In reports on Republican Florida Gov. Jeb Bush's role in the Terri Schiavo case and its ramifications for his political future, both The New York Times and the St. Petersburg Times quoted individuals praising Bush without noting their conservative ideological views or their close professional ties to him.
In a March 25 article titled "In a Polarizing Case, Jeb Bush Cements His Political Stature," The New York Times quoted University of South Florida professor Susan MacManus praising Bush without disclosing her ties to his administration. MacManus served on Bush's transition team on health care; was appointed by Bush to the Florida Elections Commission and served as an adviser to Bush as of August 2004.
The New York Times reported MacManus's assertion that Bush is "a very ideologically consistent person" who is "putting politics aside" in the Terri Schiavo case:
Susan McManus [sic], a political science professor at the University of South Florida, said: "He [Bush] is a very ideologically consistent person. He made no bones about that from the first day he ran for office. Those of us who watch him think this is Jeb, and how he truly believes and what he truly believes, and this may be one of those instances where he's putting politics aside."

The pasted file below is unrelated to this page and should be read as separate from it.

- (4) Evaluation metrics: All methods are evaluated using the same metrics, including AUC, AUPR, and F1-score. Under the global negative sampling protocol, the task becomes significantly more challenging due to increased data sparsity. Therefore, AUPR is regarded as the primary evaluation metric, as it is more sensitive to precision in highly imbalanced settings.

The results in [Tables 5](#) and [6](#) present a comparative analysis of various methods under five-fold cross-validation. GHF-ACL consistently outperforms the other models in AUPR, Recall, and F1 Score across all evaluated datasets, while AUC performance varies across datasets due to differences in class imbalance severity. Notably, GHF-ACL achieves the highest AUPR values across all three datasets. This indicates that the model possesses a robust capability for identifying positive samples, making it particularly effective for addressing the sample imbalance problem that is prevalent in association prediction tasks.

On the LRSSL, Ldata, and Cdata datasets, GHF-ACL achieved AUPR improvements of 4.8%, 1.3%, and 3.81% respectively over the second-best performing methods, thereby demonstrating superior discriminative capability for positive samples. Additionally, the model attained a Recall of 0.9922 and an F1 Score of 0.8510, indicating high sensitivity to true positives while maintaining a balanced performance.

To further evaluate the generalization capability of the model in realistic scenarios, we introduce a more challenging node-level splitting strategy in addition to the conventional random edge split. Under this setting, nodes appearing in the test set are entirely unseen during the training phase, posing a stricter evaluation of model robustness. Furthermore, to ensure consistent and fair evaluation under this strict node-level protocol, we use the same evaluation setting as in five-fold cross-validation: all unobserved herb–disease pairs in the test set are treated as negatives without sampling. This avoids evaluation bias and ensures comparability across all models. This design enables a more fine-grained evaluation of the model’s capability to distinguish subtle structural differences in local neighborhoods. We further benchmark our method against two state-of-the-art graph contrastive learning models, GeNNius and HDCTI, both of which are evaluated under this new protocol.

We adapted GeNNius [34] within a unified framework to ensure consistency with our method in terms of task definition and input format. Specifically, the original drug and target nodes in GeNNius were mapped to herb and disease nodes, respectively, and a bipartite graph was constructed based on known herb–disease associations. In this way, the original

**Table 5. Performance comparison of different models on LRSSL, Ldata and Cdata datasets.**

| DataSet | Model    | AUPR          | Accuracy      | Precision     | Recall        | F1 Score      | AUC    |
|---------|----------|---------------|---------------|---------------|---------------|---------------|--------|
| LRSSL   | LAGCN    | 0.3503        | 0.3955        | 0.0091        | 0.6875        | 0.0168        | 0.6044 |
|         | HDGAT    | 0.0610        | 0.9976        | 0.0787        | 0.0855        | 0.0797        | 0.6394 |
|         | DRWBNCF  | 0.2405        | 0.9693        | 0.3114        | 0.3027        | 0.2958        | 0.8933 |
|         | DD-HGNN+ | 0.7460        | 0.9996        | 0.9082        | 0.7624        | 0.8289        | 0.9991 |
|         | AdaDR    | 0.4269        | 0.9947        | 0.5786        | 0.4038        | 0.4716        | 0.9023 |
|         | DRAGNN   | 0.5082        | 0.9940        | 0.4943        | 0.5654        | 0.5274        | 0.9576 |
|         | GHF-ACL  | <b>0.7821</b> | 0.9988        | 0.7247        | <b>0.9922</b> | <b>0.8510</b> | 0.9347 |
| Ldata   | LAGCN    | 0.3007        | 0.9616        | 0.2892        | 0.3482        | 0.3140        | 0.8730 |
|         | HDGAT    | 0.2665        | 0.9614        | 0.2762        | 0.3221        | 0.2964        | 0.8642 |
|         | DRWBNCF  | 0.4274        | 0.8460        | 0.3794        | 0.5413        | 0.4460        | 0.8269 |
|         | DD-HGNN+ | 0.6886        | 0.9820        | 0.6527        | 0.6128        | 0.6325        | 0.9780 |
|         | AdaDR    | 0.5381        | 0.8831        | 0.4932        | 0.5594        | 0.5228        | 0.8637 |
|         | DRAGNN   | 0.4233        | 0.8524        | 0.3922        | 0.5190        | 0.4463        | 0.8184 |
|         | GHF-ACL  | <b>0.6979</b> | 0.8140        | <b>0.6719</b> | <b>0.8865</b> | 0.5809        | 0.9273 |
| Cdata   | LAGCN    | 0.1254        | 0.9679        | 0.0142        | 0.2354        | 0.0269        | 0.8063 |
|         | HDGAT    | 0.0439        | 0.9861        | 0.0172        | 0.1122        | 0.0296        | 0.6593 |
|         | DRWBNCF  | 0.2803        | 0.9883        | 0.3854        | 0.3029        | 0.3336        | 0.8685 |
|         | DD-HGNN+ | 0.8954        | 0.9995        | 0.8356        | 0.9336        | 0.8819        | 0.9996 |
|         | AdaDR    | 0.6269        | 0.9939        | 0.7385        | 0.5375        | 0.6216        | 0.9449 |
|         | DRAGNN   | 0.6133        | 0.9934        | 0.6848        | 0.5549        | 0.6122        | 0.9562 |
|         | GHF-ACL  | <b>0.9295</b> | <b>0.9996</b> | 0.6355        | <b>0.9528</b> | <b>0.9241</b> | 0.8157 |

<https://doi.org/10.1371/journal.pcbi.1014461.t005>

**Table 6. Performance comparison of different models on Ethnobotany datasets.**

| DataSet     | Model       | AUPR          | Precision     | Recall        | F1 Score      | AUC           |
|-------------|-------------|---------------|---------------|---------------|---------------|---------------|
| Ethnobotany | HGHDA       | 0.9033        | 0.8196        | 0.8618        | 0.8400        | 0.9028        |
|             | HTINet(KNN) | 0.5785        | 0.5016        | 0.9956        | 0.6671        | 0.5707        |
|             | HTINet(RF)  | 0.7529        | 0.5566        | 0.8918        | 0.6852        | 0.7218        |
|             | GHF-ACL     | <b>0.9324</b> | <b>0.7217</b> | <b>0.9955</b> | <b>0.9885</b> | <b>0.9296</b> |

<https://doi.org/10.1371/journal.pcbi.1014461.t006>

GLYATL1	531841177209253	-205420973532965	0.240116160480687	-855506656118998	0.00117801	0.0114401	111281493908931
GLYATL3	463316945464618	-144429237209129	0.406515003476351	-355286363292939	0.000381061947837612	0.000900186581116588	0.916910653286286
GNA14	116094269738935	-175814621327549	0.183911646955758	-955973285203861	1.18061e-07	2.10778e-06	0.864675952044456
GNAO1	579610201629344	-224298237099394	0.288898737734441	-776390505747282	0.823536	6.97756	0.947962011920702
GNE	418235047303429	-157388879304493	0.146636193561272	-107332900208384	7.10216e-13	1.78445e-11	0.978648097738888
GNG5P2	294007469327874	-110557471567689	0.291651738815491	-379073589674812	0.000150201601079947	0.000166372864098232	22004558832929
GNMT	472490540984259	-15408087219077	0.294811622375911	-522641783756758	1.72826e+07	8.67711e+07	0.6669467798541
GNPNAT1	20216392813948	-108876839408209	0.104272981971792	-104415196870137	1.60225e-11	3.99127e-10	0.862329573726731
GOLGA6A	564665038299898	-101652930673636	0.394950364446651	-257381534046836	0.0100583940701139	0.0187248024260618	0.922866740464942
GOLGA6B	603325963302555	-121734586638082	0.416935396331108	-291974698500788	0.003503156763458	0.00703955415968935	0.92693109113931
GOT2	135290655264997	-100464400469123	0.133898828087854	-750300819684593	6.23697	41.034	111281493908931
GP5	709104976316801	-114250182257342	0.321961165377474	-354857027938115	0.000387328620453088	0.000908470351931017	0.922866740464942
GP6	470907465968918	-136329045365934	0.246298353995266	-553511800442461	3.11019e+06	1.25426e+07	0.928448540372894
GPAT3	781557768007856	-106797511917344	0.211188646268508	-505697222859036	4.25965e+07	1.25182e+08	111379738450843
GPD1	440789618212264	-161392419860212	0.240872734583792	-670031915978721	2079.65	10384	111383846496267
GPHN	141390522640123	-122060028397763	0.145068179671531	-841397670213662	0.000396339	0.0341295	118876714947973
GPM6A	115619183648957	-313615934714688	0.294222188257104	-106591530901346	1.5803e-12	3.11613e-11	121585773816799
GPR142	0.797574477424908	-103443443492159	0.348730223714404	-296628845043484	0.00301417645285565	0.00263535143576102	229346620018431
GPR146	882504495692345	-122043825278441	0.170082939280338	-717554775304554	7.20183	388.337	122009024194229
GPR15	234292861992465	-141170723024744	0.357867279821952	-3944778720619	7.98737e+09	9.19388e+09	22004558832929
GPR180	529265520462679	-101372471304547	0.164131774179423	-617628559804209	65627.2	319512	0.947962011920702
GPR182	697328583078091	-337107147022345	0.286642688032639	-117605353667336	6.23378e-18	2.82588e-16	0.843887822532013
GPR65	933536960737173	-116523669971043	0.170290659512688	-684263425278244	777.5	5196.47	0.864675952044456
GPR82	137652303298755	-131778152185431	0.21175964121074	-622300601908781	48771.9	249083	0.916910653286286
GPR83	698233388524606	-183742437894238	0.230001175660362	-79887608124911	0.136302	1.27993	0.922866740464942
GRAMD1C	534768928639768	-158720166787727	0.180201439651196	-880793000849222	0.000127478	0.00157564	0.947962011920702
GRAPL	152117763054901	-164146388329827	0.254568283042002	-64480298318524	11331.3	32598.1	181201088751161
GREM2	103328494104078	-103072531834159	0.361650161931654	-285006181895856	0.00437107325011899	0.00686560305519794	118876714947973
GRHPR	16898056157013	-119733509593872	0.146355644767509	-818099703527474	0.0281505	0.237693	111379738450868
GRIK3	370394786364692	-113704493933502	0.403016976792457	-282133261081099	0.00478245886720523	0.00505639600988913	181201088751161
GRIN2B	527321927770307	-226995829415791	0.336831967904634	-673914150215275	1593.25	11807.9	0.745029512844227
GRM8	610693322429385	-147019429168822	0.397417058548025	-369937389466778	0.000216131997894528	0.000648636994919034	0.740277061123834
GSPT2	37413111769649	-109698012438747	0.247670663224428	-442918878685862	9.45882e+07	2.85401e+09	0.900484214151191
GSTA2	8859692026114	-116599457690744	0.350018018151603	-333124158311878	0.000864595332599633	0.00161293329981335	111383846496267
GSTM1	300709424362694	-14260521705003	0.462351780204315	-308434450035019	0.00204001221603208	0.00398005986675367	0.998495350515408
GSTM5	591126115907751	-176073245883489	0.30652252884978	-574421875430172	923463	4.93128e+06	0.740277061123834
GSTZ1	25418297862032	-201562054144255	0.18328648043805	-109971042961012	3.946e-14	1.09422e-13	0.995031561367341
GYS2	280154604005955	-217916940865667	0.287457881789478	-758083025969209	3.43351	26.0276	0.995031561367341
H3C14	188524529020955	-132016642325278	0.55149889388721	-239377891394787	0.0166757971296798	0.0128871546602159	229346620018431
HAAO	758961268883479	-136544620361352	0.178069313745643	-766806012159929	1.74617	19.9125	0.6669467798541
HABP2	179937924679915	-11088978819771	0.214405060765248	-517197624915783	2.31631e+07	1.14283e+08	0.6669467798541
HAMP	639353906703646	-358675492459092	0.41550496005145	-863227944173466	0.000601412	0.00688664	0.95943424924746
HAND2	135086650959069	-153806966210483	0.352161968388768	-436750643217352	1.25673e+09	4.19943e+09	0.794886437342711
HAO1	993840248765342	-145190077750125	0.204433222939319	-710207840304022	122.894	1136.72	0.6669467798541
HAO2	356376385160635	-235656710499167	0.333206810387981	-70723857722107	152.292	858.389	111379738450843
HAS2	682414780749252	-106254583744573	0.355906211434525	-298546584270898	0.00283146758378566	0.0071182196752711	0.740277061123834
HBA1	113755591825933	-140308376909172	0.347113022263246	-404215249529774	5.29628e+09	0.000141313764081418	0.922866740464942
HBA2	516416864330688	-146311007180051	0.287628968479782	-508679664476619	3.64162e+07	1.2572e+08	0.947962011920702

A March 25 St. Petersburg Times article titled "Bush's powers fall short of beliefs" quoted two sources -- Florida Catholic Conference executive director Michael McCarron and former Florida Republican Party chairman Tom Slade -- as evidence that Bush's "supporters and critics agree" that his "actions are not motivated by polls or political ambition, but by personal conviction." But neither of these figures -- both conservatives -- could fairly be described as "critics" of Bush. The Florida Catholic Conference agrees with Bush that Schiavo's feeding tube should not be removed. On February 28, the group issued a "plea that Mrs. Schiavo continues to receive all treatments and care that will be of benefit to her."
Additionally, following the lead of cable news coverage, the St. Petersburg Times also lent tacit support to those who want Terri Schiavo's feeding tube reinserted, describing such advocates as "Schiavo supporters" (as opposed to "supporters of Schiavo's parents"). This usage amounts to taking sides in the dispute, since the court case centers precisely on whether Terri Schiavo would want to continue living in a persistent vegetative state and, by extension, who her true "supporters" are. Her husband, Michael Schiavo, claims his wife would not want to continue living in her current state, kept alive by a feeding tube; her parents, sister and brother disagree.